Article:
Challenges for Europe and North America
NECTAR Series on Transportation and Communications Networks Research
Edited by Karst T. Geurs, Kevin J. Krizek and Aura Reggiani
Chapter 7: Accessibility to public service delivery: a combination of diff erent indicators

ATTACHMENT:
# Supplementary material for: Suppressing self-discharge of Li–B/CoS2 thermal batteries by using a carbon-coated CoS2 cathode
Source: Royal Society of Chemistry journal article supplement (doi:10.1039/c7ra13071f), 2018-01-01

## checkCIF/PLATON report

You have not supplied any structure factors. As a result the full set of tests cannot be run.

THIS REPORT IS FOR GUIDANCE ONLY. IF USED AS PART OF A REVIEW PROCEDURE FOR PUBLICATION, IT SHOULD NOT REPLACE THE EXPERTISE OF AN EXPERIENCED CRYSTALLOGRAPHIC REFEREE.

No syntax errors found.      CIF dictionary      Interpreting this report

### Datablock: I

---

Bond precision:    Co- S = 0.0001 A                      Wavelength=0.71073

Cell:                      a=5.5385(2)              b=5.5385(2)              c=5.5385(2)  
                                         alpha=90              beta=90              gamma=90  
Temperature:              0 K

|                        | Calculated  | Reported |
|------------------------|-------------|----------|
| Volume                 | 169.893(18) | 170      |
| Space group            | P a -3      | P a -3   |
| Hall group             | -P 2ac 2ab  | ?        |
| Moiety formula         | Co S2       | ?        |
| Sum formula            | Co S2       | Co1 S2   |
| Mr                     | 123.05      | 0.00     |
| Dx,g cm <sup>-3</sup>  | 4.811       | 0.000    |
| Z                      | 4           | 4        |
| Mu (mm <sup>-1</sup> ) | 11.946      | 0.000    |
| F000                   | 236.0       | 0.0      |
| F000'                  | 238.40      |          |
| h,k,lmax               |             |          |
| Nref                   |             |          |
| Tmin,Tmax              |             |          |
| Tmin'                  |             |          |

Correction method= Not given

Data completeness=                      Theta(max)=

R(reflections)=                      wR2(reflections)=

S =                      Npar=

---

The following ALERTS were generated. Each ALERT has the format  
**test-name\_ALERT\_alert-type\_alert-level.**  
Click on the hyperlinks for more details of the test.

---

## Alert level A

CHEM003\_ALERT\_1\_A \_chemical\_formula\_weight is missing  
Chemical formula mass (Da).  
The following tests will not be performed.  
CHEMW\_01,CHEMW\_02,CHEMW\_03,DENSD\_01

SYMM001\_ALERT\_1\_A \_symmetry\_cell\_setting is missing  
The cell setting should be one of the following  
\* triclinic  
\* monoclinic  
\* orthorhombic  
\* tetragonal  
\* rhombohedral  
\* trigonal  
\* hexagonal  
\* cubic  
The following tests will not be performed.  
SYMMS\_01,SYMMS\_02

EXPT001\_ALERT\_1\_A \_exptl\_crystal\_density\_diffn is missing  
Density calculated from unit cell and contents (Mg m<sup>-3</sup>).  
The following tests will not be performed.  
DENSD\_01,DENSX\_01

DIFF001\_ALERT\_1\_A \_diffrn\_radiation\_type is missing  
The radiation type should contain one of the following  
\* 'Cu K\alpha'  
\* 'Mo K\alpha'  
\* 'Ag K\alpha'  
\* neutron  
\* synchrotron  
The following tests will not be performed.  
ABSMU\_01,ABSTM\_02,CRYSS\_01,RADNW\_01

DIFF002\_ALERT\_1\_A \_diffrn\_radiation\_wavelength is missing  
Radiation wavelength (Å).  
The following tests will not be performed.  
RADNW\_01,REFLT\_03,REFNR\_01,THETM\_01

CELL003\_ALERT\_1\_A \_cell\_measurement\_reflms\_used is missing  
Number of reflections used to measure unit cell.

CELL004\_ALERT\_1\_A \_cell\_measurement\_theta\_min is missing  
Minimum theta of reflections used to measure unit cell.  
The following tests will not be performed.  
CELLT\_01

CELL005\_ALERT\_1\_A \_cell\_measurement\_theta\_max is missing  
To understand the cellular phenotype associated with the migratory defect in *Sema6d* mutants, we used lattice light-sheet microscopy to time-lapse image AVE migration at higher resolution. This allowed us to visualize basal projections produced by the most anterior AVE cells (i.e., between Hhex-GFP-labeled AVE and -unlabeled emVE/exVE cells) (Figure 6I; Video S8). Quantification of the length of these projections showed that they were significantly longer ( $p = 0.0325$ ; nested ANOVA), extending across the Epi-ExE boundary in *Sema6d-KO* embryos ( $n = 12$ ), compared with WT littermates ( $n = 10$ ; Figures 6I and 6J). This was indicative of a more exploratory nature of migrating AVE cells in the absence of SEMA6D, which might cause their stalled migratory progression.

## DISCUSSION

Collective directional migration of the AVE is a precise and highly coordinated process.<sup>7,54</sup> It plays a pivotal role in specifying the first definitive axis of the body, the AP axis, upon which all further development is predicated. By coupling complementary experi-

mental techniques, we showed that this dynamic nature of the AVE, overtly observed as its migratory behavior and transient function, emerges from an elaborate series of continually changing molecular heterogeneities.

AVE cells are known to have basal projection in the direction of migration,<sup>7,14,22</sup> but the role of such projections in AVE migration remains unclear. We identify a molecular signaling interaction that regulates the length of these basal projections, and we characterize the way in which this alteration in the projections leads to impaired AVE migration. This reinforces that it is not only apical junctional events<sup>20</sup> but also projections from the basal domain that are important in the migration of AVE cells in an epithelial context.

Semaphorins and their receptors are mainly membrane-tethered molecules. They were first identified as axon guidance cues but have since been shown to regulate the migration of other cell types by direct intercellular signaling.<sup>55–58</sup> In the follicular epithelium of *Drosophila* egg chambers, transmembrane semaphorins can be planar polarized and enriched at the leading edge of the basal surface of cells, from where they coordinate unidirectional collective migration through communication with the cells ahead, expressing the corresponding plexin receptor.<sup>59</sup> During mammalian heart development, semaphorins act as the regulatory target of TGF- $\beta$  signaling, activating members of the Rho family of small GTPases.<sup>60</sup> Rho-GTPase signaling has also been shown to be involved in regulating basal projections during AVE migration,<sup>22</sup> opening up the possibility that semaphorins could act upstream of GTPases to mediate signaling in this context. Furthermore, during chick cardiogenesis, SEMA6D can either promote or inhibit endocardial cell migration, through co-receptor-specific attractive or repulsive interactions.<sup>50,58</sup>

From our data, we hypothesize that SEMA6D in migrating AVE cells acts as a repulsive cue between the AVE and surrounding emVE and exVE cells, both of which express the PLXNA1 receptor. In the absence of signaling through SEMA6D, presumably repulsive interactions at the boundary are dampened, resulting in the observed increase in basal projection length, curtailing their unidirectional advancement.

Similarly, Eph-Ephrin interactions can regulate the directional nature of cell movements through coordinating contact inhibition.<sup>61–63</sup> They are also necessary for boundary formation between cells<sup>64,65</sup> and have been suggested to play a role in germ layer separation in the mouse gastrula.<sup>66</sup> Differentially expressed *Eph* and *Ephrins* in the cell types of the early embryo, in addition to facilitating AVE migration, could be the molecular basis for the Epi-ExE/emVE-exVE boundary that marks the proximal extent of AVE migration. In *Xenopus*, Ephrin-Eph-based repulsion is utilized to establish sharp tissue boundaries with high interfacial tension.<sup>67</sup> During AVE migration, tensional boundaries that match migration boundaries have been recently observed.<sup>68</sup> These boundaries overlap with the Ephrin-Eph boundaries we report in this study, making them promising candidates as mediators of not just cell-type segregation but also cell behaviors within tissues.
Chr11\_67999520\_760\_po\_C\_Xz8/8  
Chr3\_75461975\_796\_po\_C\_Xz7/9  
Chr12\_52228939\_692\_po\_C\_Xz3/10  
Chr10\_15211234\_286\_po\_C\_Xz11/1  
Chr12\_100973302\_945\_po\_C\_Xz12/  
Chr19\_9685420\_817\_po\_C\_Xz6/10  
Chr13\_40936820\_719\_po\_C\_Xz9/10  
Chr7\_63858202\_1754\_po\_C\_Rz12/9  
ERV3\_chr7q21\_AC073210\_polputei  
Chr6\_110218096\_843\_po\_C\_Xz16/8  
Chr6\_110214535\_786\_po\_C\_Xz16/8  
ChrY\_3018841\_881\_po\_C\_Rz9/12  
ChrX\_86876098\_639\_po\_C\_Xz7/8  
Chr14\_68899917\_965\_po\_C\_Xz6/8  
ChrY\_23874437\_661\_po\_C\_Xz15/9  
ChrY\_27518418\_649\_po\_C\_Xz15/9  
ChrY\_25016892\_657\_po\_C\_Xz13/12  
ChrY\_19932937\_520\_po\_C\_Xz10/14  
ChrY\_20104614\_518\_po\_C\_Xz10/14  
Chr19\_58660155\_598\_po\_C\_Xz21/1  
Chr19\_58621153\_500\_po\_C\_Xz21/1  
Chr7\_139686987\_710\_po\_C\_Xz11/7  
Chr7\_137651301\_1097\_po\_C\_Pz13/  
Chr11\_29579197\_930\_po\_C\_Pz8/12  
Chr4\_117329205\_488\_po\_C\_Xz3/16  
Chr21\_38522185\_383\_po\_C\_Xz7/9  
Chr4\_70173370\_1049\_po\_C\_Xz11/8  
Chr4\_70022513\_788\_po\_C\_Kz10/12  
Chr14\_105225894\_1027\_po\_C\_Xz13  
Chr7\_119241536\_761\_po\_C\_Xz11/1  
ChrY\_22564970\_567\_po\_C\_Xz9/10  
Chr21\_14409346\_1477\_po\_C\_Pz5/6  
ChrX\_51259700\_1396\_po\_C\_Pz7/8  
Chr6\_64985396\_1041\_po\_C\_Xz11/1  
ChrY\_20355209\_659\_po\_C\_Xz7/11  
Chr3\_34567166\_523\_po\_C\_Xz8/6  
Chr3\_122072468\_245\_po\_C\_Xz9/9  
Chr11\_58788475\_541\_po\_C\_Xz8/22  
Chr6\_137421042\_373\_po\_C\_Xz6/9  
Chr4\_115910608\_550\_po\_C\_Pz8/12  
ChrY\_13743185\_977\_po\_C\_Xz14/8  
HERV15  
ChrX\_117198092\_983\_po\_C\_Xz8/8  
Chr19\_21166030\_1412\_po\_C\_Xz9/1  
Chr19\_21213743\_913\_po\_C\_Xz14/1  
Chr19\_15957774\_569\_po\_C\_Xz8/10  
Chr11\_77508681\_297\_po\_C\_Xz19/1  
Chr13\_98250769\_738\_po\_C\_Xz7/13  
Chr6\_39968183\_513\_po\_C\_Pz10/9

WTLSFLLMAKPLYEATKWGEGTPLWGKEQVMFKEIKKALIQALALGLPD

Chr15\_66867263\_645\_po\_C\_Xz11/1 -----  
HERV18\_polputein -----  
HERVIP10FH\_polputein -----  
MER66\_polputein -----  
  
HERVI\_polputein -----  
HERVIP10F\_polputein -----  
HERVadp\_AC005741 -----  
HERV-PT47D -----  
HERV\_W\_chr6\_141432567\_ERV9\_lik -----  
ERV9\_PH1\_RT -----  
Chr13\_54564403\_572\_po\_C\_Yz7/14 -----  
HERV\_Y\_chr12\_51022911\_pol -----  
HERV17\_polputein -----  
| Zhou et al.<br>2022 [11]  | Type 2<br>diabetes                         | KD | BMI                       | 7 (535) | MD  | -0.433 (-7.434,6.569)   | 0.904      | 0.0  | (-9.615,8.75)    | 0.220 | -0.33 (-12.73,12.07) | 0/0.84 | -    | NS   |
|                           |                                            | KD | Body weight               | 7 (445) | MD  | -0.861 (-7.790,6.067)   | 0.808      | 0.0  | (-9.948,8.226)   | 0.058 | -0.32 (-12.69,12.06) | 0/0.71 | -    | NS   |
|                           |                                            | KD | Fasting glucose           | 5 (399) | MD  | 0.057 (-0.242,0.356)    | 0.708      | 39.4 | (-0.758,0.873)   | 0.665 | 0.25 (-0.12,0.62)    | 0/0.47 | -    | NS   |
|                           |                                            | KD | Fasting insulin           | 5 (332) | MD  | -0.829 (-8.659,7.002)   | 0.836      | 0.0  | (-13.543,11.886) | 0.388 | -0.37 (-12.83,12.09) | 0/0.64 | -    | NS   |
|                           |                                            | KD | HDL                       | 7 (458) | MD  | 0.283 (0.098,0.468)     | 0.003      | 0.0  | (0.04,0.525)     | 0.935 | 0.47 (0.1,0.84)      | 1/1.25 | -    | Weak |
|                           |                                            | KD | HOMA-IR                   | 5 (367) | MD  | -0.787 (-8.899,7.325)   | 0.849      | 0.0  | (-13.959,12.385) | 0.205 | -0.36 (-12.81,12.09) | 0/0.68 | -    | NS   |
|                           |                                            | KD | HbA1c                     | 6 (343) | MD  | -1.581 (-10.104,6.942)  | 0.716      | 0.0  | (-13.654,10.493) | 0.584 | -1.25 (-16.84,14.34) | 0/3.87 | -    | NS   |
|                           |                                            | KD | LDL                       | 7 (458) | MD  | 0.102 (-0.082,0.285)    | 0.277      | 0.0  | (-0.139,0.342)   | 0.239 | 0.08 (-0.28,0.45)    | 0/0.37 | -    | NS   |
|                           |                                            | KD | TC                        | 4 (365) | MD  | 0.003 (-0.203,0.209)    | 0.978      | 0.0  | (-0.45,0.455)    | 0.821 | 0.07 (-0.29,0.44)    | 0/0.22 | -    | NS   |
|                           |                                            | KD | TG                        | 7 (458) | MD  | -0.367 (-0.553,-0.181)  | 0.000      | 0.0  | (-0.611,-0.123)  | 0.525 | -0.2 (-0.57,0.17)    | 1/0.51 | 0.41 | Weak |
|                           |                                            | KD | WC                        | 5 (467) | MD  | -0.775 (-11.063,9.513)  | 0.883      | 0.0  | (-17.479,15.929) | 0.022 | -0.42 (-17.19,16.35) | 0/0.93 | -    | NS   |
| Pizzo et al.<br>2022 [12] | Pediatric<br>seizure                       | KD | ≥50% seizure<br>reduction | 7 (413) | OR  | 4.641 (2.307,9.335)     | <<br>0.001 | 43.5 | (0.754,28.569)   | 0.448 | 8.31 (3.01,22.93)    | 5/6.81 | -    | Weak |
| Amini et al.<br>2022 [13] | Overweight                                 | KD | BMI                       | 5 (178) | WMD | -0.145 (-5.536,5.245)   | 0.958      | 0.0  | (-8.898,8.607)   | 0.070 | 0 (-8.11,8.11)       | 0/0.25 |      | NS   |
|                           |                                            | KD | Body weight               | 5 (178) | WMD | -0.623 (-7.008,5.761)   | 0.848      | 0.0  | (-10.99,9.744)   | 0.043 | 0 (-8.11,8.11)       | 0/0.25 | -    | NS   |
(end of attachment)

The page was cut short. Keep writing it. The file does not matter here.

This chapter argues that a combination of place-based and person-based accessibility indicators can aid policy-makers to obtain a fuller picture of the accessibility of public service delivery. Building on earlier work (Neutens et al., 2010a, 2010b), this argument will be exemplified in a case study of the accessibility of government offices in the city of Ghent, Belgium. These government offices are municipal service centres that keep up-to-date records concerning identity, co-habitation, marriage, death, birth, and so on of dwellers. The case is particularly timely because local authorities are currently investigating how they can improve the quality and accessibility of their urban services within the framework of the ‘Loket en Onthaal’ (LEO) project. The structure of the chapter is as follows. The next section provides the necessary background for understanding the place-based and personbased approach to measuring accessibility. Section 7.3 introduces the indicators that will be used to evaluate the accessibility of government offices. Section 7.4 describes study area, data sources and assumptions and section 7.5 presents the results. The conclusions are given in section 7.6. Accessibility measurement from a place-based perspective has a long history. Various place-based indicators have been proposed over the last five decades. Generally, they share at least three elements (Hanson and Schwab, 1987; Kwan, 1999): (1) a reference location from which access to other locations is determined; (2) a set of urban opportunities; and (3) an impedance function to capture the physical separation between the reference location and the urban opportunities. For modelling purposes, geographical zones have been used as substitutes for individuals. These zones usually correspond to census tracts or postal code areas for which travel data have been gathered. The aggregated approach assumes that individuals are concentrated in the centroid of a zone and uses the zonal averages of their socio-economic characteristics. A drawback thereof is that the outcome of accessibility analyses depends to a certain extent on the arbitrary configuration and scaling of the zoning system. This is known as the modifiable areal unit problem (Kwan and Weber, 2008). Furthermore, the approach ignores intra-zonal differences in accessibility. In other words, an equal level of accessibility is attributed to all individuals within the same zone.
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